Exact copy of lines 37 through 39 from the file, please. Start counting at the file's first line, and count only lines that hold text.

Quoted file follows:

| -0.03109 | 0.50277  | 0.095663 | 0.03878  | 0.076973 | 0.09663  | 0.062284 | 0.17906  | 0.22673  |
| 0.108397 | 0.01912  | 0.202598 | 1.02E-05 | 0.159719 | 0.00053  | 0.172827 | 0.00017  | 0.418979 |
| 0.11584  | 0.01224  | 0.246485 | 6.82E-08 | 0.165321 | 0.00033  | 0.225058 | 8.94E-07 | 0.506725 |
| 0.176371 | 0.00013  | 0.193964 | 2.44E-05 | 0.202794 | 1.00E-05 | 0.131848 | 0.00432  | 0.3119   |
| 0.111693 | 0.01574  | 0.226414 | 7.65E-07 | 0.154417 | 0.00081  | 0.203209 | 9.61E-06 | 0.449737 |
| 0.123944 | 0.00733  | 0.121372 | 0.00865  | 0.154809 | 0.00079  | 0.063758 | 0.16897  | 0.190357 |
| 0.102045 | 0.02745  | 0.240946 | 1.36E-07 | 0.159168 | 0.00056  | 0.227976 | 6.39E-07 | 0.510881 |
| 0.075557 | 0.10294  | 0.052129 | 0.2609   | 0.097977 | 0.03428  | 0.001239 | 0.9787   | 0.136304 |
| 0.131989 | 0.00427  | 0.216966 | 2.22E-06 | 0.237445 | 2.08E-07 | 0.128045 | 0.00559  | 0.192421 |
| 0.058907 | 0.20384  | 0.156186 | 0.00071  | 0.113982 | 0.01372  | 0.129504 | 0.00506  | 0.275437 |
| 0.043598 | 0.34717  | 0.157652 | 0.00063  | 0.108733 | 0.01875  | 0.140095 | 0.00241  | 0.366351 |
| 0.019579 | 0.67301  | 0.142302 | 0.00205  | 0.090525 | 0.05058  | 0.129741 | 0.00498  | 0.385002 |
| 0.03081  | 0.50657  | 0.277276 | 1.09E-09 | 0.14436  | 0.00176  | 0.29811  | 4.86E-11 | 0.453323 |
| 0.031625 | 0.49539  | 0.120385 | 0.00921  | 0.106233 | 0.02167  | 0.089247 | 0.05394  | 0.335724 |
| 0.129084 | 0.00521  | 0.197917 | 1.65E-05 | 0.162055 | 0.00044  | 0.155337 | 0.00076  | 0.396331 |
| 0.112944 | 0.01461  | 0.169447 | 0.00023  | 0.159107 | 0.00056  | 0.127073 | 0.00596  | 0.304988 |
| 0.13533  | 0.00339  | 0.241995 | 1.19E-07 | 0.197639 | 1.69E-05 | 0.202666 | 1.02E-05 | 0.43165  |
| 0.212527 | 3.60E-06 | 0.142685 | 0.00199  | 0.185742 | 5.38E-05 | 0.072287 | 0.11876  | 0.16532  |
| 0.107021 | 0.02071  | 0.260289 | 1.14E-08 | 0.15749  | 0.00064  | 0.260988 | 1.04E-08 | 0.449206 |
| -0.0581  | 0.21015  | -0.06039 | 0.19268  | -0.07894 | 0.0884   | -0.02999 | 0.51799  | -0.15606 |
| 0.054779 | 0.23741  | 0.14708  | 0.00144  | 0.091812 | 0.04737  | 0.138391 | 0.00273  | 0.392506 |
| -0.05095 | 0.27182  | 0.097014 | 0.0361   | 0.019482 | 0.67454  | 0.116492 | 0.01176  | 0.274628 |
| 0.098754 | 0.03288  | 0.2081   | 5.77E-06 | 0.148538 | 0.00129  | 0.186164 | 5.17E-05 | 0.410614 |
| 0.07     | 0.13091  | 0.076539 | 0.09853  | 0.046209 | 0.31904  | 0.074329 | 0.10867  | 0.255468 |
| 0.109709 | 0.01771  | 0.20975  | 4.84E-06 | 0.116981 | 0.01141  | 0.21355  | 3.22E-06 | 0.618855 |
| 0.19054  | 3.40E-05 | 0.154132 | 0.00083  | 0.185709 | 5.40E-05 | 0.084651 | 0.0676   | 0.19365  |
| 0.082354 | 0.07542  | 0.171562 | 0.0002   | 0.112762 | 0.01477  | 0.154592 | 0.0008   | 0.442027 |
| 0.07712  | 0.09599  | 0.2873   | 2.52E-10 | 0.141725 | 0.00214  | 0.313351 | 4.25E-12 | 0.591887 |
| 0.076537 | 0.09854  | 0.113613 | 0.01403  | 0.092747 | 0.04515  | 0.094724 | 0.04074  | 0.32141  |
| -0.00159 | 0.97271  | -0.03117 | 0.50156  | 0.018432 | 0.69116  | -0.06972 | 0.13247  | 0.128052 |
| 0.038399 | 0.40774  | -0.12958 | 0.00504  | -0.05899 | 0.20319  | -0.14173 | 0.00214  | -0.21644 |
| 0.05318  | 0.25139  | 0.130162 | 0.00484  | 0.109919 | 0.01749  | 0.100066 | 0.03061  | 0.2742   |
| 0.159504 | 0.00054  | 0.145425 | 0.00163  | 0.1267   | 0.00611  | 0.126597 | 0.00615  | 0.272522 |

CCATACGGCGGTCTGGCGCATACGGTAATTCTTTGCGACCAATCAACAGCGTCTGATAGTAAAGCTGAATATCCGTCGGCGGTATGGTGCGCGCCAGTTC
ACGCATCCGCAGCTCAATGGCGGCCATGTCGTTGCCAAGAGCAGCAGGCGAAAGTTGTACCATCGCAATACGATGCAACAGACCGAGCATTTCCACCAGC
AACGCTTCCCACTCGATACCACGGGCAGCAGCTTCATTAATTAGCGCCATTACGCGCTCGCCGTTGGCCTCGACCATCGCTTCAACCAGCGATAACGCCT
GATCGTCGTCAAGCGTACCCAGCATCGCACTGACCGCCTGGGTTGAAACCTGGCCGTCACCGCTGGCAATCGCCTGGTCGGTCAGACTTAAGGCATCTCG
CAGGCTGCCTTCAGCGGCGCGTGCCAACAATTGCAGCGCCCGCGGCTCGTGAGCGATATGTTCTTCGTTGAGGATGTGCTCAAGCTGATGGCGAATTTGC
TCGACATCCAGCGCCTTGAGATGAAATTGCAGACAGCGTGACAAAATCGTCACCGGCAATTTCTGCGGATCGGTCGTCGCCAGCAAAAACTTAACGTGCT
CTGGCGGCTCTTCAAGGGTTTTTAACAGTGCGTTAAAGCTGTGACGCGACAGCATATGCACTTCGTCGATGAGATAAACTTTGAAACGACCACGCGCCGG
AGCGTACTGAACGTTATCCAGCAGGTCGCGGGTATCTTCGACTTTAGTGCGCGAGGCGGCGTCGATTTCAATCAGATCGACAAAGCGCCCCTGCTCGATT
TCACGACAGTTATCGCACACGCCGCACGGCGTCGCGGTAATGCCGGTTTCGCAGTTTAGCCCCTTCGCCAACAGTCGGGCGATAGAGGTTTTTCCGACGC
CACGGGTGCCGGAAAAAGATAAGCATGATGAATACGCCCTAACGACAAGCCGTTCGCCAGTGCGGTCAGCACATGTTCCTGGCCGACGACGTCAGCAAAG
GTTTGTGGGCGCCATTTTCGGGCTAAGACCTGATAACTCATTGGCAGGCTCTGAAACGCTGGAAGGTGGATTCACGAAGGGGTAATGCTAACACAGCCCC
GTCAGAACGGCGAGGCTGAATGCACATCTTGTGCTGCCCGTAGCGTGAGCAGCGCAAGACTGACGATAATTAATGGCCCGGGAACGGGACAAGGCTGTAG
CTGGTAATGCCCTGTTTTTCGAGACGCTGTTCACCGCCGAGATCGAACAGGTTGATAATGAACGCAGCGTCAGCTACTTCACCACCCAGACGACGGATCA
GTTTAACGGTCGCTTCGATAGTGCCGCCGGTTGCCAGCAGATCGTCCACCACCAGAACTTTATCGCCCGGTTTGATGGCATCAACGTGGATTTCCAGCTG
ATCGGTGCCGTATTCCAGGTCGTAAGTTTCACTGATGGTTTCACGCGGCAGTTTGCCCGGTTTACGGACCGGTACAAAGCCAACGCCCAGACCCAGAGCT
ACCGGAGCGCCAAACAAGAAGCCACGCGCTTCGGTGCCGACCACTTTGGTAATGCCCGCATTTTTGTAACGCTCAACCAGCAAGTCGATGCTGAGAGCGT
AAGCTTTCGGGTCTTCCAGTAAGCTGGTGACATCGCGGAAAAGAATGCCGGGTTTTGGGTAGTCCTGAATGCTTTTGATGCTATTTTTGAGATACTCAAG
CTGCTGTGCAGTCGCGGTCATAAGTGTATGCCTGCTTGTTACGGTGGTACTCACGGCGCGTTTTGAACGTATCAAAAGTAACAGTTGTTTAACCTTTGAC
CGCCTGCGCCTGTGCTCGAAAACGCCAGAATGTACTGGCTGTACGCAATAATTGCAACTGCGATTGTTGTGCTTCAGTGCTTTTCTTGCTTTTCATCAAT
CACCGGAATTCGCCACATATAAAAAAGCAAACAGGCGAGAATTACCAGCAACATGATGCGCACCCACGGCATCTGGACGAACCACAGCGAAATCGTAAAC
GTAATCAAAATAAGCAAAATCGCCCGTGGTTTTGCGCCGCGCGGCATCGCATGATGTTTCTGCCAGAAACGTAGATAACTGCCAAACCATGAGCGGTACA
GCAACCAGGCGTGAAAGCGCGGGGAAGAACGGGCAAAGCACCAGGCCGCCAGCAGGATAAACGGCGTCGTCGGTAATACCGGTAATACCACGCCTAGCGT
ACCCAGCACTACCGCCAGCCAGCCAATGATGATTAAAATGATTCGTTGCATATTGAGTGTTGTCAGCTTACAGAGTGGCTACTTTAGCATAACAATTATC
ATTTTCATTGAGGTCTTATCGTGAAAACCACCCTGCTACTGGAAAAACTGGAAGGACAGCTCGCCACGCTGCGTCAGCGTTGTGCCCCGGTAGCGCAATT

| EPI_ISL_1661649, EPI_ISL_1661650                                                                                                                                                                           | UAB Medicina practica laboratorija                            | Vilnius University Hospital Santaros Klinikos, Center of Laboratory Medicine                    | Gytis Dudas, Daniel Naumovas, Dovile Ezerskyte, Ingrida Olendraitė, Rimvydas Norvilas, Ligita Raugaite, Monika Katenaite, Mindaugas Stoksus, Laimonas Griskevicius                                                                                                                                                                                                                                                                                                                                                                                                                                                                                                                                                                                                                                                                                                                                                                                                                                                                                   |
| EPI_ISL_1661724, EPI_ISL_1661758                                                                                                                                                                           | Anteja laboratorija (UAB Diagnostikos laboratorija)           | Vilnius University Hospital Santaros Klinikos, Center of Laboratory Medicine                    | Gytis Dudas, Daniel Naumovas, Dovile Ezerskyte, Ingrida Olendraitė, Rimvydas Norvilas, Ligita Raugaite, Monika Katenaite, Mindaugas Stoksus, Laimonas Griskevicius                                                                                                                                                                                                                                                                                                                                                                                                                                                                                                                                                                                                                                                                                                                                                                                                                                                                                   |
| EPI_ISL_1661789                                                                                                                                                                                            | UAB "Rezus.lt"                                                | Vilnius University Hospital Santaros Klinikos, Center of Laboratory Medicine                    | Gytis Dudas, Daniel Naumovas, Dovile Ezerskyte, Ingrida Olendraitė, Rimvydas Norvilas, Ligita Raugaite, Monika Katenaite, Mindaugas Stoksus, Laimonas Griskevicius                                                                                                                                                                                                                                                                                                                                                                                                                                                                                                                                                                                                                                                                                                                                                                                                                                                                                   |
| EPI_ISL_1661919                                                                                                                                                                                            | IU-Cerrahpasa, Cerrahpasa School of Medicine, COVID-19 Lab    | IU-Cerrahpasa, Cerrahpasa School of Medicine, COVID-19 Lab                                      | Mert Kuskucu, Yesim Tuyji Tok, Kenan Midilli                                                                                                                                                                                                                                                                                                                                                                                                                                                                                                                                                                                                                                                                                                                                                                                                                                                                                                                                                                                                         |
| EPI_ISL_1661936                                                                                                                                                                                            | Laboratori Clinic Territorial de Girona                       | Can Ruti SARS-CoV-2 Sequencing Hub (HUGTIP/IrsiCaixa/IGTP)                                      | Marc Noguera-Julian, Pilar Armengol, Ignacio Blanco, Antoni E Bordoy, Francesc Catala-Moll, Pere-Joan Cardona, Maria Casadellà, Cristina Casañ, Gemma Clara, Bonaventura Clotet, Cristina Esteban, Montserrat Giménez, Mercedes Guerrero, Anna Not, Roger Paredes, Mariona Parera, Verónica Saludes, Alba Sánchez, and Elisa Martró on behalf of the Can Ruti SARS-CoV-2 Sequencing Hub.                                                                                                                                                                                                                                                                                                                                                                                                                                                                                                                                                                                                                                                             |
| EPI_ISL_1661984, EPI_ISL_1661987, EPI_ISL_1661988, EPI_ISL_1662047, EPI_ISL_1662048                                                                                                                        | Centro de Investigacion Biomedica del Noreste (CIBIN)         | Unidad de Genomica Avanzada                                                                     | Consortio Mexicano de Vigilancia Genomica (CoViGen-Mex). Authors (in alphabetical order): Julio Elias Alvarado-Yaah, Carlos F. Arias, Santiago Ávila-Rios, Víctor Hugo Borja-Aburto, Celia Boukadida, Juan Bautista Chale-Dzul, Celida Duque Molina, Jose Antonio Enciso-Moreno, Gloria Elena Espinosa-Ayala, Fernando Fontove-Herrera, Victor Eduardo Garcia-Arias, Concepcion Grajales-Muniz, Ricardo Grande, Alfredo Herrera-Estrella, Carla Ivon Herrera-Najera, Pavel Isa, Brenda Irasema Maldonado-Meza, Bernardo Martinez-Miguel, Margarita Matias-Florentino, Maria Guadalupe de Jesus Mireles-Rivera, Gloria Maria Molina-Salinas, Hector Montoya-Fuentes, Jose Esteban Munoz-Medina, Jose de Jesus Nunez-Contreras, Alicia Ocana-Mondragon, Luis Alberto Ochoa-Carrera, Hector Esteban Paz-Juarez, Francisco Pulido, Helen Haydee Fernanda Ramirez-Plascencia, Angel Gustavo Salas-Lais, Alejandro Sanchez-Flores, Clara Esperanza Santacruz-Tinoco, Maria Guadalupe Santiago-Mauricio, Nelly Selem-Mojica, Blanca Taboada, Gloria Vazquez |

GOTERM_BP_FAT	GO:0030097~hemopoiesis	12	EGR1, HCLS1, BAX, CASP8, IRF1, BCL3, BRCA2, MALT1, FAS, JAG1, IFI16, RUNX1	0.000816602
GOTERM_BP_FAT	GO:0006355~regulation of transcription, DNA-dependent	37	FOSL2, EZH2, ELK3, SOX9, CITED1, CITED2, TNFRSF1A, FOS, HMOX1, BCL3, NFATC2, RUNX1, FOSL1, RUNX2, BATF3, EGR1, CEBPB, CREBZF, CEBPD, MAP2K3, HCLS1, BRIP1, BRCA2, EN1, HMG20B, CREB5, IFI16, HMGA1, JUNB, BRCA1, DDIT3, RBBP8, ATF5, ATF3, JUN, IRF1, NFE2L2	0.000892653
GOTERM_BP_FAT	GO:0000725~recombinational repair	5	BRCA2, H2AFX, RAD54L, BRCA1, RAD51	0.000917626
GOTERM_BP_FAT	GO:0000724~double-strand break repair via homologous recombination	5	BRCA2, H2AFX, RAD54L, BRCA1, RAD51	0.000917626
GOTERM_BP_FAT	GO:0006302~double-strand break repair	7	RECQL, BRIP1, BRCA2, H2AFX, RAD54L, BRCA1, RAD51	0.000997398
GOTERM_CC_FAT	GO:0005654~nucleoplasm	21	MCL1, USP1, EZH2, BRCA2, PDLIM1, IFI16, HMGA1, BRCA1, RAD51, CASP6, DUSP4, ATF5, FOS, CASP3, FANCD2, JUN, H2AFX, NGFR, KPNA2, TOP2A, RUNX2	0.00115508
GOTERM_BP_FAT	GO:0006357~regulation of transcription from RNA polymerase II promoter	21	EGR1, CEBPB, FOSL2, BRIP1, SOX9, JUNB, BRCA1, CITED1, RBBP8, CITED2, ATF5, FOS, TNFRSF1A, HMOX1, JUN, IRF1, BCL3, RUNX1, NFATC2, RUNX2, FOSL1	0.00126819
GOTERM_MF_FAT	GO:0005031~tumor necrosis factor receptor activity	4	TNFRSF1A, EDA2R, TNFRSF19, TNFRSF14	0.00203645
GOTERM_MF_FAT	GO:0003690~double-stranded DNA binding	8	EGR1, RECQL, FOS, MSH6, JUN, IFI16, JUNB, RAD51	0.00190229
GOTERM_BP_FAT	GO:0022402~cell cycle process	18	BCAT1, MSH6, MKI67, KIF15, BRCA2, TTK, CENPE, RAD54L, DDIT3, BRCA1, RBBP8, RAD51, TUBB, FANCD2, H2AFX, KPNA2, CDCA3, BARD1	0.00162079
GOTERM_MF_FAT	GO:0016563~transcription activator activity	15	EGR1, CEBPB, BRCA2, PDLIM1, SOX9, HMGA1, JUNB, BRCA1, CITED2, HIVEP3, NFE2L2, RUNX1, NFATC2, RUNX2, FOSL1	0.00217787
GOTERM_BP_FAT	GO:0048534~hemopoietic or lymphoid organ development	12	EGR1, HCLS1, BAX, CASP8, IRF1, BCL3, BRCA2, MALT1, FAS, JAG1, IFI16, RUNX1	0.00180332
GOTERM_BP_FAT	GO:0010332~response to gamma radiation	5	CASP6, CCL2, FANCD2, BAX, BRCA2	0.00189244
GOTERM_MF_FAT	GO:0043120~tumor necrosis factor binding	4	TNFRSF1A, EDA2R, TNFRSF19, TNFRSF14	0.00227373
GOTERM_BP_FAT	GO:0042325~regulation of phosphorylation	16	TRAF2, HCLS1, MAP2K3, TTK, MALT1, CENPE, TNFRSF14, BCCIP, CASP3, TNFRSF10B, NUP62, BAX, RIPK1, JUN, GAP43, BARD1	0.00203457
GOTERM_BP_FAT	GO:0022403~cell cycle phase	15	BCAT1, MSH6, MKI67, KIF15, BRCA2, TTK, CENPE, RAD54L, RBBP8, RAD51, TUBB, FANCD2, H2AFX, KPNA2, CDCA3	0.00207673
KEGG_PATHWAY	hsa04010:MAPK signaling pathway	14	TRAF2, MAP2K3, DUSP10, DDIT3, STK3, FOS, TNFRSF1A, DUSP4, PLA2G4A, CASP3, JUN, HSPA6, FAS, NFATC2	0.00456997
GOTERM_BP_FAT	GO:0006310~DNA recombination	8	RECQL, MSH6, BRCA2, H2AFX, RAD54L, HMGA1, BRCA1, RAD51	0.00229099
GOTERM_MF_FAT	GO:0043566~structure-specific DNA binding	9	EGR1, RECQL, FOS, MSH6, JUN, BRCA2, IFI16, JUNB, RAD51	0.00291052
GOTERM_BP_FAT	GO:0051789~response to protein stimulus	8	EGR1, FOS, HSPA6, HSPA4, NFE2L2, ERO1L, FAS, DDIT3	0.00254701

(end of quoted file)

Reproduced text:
GATCGTCGTCAAGCGTACCCAGCATCGCACTGACCGCCTGGGTTGAAACCTGGCCGTCACCGCTGGCAATCGCCTGGTCGGTCAGACTTAAGGCATCTCG
CAGGCTGCCTTCAGCGGCGCGTGCCAACAATTGCAGCGCCCGCGGCTCGTGAGCGATATGTTCTTCGTTGAGGATGTGCTCAAGCTGATGGCGAATTTGC
TCGACATCCAGCGCCTTGAGATGAAATTGCAGACAGCGTGACAAAATCGTCACCGGCAATTTCTGCGGATCGGTCGTCGCCAGCAAAAACTTAACGTGCT